When it comes to special election results, Republicans always have an excuse, and their stumbles are never a national trend.
In Kansas, Republicans turned a 27-point victory for Donald Trump in 2016 into a recent 7-point special election victory for state Treasurer Ron Estes even though Democratic lawyer James Thompson had virtually no support from local or national Democrats.
Republicans blamed unpopular GOP Gov. Sam Brownback or Estes’ underwhelming campaign, but of course, it didn’t have anything to do with President Trump.
A week later in Georgia, a 30-year-old former Capitol Hill staffer forced Republicans to spend over $5 million dollars defending a suburban Atlanta seat that Mitt Romney carried by over 20 points in 2012.
Republicans blamed the crowded (and distracted) field of 11 GOP candidates, outside spending tactics by typically GOP-friendly groups, or the infusion of money (upward of $10 million) by Democratic groups and donors from outside Georgia to explain why Democrat Jon Ossoff came within a couple of points of winning the seat outright in the April 18 open primary.
Once again, there was little reflection on how or why Ossoff was able to raise an incredible amount money in a short period of time. It certainly wasn’t because of a specific person in the Oval Office. Couldn’t be.
The Republican excuses go even further back to the beginning of the Trump administration. Those massive marches around the country the day after inauguration? Just angry Hillary Clinton voters. Those combative congressional town halls? Paid protestors.
A month from now, there will be another opportunity to identify the current political climate — and for Republicans to come up with an excuse.
On May 25, Republican Greg Gianforte and Democrat Rob Quist face off in Montana’s at-large district in a special election to replace former GOP Ryan Zinke, who resigned to become secretary of the Interior. Republicans shouldn’t have trouble winning a seat that Trump won by more than 20 points over Clinton just six months ago. But the national party is spending over $1 million on television in addition to having a wealthy candidate who could spend whatever he wants in order to flood the Montana airwaves.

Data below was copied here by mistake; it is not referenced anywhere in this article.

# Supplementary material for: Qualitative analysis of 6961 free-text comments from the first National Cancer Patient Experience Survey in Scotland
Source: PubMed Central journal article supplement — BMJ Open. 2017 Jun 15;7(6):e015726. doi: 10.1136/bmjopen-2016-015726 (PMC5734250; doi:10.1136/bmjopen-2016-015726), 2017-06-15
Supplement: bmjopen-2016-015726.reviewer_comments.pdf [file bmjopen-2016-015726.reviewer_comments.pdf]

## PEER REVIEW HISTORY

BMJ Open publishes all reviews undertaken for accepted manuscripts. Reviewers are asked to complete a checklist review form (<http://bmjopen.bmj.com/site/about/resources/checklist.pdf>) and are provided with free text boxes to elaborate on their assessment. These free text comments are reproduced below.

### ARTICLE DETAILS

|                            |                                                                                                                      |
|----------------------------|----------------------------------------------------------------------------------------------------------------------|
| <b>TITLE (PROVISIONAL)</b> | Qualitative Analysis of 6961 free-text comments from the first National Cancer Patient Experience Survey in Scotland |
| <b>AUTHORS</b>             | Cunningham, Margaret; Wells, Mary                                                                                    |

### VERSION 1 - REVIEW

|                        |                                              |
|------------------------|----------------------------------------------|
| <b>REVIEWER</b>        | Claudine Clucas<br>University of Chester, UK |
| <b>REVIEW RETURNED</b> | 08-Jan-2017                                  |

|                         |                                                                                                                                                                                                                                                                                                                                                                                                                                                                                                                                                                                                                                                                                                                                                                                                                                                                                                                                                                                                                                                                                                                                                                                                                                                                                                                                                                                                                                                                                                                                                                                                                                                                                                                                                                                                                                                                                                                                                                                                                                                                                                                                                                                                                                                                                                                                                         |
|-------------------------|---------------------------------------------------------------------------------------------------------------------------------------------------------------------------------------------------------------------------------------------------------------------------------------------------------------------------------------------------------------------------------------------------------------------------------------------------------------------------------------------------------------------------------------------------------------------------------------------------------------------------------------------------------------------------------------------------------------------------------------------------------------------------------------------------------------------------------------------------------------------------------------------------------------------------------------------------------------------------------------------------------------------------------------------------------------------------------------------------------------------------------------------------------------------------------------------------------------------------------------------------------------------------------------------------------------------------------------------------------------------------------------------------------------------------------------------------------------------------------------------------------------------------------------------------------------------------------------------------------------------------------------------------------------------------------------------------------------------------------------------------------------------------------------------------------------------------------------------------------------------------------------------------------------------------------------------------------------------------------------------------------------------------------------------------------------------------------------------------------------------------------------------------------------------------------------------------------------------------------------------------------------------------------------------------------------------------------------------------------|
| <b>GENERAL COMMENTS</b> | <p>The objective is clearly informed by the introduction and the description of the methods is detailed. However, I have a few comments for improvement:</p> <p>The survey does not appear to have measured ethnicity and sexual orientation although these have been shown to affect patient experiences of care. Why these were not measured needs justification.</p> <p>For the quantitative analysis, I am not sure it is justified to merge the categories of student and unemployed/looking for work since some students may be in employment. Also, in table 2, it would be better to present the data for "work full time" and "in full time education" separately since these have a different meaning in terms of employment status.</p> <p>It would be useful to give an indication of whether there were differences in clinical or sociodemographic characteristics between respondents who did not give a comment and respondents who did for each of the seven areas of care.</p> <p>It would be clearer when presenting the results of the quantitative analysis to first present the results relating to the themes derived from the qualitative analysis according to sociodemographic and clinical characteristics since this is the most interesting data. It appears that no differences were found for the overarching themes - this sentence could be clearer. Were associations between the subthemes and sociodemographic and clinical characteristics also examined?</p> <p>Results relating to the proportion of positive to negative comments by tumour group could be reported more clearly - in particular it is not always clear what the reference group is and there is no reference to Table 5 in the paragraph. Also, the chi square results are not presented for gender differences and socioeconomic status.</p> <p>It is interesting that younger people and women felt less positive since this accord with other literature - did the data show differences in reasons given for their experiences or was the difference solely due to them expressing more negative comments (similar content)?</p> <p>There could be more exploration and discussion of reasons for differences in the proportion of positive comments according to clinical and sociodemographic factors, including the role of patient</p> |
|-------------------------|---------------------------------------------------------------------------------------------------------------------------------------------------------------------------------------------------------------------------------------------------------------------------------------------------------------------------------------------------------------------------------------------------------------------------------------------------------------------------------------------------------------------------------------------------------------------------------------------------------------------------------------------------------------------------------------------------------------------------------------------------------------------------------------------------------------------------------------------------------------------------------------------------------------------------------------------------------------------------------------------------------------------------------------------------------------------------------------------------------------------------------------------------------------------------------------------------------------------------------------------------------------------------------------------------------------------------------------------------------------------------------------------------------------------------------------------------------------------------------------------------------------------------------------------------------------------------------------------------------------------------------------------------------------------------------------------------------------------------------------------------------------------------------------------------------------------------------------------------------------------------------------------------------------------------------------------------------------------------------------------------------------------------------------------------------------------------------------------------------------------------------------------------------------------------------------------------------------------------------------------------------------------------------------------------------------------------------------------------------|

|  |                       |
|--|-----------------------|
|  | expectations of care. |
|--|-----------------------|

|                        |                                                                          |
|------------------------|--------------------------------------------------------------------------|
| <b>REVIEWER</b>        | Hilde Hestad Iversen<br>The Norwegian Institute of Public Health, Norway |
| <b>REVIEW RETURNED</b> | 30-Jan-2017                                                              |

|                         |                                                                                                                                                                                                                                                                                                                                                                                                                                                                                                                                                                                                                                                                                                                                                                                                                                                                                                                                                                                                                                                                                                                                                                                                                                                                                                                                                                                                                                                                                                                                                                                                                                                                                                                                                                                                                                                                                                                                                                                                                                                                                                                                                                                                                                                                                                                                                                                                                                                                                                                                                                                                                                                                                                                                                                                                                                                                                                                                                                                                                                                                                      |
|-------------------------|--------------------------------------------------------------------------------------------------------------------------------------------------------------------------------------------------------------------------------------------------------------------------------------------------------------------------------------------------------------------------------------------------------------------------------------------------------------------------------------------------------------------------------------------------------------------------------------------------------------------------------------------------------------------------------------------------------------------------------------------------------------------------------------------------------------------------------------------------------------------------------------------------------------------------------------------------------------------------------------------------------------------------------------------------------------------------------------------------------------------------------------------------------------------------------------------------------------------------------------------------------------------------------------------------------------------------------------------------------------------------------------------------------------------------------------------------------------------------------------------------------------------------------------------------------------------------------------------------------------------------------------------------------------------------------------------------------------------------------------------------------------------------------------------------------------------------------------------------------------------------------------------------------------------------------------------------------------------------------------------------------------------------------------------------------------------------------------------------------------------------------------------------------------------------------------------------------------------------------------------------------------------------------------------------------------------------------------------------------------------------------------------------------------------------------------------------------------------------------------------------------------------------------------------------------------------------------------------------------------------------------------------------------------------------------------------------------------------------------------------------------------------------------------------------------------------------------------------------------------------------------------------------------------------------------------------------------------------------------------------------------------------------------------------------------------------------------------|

I can already foresee the excuses if the race is closer than expected. Gianforte can’t connect with real voters (with evidence of his 2016 loss for governor as additional evidence). An election held on the Thursday of the Memorial Day weekend hurt GOP turnout and that dynamic won’t be replicated next year. Or Quist, the guitar player and vocalist for the Mission Mountain Wood Band, was a unique candidate whose quirkiness can’t be replicated by Democratic candidates elsewhere next year.
But at some point, the collection of Republican underperformances in traditionally safe GOP territory can’t be ignored.
Special elections often have special circumstances that cloud their ability to project future races. But Republicans are fooling themselves if they think Trump is not creating an environment that is boosting Democratic prospects.
Let’s face it, if Florida Sen. Marco Rubio or Ohio Gov. John Kasich were president, it’s hard to believe Democratic enthusiasm would be this high. While each race has unique circumstances, there is a common thread through the Democratic enthusiasm: President Trump.
Time will tell whether Democrats can sustain and harness the energy and if Republicans will stick with their president and his party. But at some point, Republicans will realize that laboring over races in Kansas and Georgia and Montana is not business as usual.